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The Federal Energy Regulatory Commission has given the go-ahead to the Rover natural gas pipeline project’s Phase 1A, which will transport gas from Cadiz to the Midwest Hub, near Defiance in Ohio. The hub will serve as a distribution center for 68 percent of the gas Rover transports across the States.
The US$4.2-billion pipeline, still under construction, will eventually have a daily capacity of 3.25 billion cu ft from the Marcellus and Utica shale plays. While the bulk of the gas will be supplied to the domestic market, 32 percent of it will flow to the Union Gas Dawn Storage Hub in Ontario, via Michigan, to be marketed in Canada or redistributed back to the United States.
Earlier this month, Bloomberg’s Naureen S Malik and Catherine Traywick wrote that Rover, which is being built by a unit of Energy Transfer Partners (ETP), is a record holder for environmental violations among all interstate natural gas pipelines built in the country since 2015. It’s worth noting that all these violations were booked after FERC approved the project in February this year.
Rover has accumulated as many as 104 noncompliance incidents, with the second pipeline on the non-compliance list—although significantly shorter—a distant second, with 26 incidents. In Ohio, where Phase 1A is to be launched, Rover has received negative inspection reports about improper disposal of wastewater and damage of protected wetlands after a 50,000-barrel spill of drilling fluid mixed with diesel.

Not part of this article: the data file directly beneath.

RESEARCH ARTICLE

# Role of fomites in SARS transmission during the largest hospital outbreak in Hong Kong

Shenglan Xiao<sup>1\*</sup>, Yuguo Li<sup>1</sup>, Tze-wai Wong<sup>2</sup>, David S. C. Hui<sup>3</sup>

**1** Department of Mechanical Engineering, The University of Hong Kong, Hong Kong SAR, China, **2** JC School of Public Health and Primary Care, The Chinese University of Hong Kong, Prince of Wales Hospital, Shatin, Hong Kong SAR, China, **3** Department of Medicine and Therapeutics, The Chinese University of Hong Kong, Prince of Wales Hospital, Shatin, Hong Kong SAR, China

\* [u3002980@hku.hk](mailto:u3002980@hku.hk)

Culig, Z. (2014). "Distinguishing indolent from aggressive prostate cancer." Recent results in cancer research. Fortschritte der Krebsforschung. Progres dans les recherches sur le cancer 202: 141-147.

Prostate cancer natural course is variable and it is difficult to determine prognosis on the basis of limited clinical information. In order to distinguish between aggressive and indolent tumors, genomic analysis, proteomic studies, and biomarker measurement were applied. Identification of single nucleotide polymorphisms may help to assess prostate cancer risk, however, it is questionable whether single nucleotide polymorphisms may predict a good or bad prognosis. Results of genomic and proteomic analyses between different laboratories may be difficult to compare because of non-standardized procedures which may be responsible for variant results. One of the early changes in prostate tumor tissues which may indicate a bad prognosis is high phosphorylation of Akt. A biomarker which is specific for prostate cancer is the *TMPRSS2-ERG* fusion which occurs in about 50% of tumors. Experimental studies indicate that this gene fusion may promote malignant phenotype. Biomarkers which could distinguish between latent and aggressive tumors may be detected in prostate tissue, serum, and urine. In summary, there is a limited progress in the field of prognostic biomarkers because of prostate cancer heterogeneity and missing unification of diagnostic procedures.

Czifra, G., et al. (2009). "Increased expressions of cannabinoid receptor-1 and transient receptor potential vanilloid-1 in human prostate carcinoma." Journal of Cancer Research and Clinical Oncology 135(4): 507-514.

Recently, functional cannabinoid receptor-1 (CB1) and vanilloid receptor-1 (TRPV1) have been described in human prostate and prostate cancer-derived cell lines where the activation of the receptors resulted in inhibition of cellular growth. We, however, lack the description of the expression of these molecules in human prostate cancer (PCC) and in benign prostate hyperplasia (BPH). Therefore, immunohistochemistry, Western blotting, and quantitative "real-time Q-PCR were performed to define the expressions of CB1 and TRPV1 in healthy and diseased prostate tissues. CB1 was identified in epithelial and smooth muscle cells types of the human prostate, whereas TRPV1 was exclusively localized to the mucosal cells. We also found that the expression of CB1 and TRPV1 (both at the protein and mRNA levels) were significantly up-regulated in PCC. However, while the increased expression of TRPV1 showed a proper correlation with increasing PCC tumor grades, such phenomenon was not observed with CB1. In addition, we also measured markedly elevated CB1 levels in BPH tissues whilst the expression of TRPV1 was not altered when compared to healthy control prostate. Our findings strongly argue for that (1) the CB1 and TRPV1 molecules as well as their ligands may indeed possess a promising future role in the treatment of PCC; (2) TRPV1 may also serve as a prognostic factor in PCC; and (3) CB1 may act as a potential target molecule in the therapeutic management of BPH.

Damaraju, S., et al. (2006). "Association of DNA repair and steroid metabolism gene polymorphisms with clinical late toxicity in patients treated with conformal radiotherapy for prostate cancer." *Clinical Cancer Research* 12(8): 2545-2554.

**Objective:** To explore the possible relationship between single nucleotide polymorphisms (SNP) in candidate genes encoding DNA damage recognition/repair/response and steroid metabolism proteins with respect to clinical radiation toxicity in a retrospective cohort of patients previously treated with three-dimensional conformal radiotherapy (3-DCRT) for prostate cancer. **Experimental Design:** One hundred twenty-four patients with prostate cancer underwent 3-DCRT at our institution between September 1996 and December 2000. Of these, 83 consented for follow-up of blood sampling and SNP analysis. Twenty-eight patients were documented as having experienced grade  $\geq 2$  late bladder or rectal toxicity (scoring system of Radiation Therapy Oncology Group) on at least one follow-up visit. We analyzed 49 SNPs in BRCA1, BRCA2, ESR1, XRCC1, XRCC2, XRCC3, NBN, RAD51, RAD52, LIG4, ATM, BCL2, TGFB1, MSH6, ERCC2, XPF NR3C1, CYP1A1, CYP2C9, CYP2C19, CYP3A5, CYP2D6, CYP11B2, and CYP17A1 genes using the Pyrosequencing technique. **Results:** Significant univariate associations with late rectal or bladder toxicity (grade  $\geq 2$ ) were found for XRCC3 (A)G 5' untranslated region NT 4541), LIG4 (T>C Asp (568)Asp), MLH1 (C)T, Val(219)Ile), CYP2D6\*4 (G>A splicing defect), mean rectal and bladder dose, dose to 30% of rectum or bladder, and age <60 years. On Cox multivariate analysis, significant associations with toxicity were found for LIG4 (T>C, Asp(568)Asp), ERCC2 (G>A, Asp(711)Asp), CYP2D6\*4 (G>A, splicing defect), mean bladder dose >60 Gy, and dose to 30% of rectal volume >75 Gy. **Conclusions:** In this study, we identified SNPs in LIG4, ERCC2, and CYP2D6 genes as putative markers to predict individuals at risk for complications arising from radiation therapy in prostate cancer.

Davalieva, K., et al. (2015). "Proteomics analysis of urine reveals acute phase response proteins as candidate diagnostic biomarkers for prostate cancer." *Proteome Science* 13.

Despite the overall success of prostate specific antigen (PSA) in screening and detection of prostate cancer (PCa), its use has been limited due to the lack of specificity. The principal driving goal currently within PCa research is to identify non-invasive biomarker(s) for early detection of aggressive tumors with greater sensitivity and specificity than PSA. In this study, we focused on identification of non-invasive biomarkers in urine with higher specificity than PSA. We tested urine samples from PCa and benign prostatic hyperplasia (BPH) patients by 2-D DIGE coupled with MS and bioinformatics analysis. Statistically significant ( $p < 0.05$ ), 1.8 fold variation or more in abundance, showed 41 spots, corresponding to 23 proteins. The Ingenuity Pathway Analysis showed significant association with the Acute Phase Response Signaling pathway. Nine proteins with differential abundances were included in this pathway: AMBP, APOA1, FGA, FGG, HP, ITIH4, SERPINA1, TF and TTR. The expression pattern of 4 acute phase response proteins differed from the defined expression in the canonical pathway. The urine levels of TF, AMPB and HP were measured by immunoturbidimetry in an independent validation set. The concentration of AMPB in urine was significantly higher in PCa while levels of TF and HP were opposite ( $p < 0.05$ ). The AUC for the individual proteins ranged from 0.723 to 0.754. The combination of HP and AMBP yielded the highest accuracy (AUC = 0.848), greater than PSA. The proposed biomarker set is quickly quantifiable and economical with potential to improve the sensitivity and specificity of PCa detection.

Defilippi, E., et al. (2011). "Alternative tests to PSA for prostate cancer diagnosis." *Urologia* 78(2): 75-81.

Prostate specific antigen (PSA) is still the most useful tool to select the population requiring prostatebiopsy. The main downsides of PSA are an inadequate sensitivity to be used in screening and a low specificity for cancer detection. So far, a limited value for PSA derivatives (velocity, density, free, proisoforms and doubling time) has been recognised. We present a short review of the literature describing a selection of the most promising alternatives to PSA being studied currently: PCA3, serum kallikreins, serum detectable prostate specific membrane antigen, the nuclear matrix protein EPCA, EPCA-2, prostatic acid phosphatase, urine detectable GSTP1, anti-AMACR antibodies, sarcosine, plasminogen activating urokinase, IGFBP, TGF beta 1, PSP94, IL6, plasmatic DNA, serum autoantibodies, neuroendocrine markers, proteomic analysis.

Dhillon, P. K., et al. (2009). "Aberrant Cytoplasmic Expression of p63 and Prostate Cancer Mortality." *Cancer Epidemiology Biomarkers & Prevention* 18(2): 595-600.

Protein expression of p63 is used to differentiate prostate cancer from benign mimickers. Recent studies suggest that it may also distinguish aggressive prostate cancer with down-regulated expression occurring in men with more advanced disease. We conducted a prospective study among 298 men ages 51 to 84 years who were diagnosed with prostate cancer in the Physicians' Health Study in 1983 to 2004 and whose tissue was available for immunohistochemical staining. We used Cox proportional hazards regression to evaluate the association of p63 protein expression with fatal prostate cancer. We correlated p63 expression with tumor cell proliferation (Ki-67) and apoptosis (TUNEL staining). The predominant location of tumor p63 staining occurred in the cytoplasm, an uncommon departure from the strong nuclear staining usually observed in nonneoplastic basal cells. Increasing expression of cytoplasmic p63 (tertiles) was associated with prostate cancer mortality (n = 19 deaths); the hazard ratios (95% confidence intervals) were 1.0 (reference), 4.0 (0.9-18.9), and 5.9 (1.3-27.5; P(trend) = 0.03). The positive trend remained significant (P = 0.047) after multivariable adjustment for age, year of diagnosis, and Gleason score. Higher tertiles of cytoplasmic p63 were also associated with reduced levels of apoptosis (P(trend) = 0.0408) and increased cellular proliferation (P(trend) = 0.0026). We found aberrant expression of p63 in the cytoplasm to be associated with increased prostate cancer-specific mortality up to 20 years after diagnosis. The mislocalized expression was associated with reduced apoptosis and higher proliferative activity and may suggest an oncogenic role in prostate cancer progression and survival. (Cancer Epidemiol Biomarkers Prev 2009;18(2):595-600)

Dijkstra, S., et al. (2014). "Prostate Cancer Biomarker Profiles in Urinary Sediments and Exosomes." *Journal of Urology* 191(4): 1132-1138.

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In West Virginia, Energy Transfer Partners had to cease and desist working on the pipeline after polluting local streams. Finally, in Washington, FERC ordered a suspension of horizontal drilling on the pipeline following the Ohio spill.
ETP, which gained notoriety with another, much-opposed project, the Dakota Access oil pipeline, has not confirmed or denied the allegations. Separately, the company last month agreed to sell almost a third in the Rover project to Blackstone for US$1.57 billion.
By Irina Slav for Oilprice.com
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Irina is a writer for Oilprice.com with over a decade of experience writing on the oil and gas industry.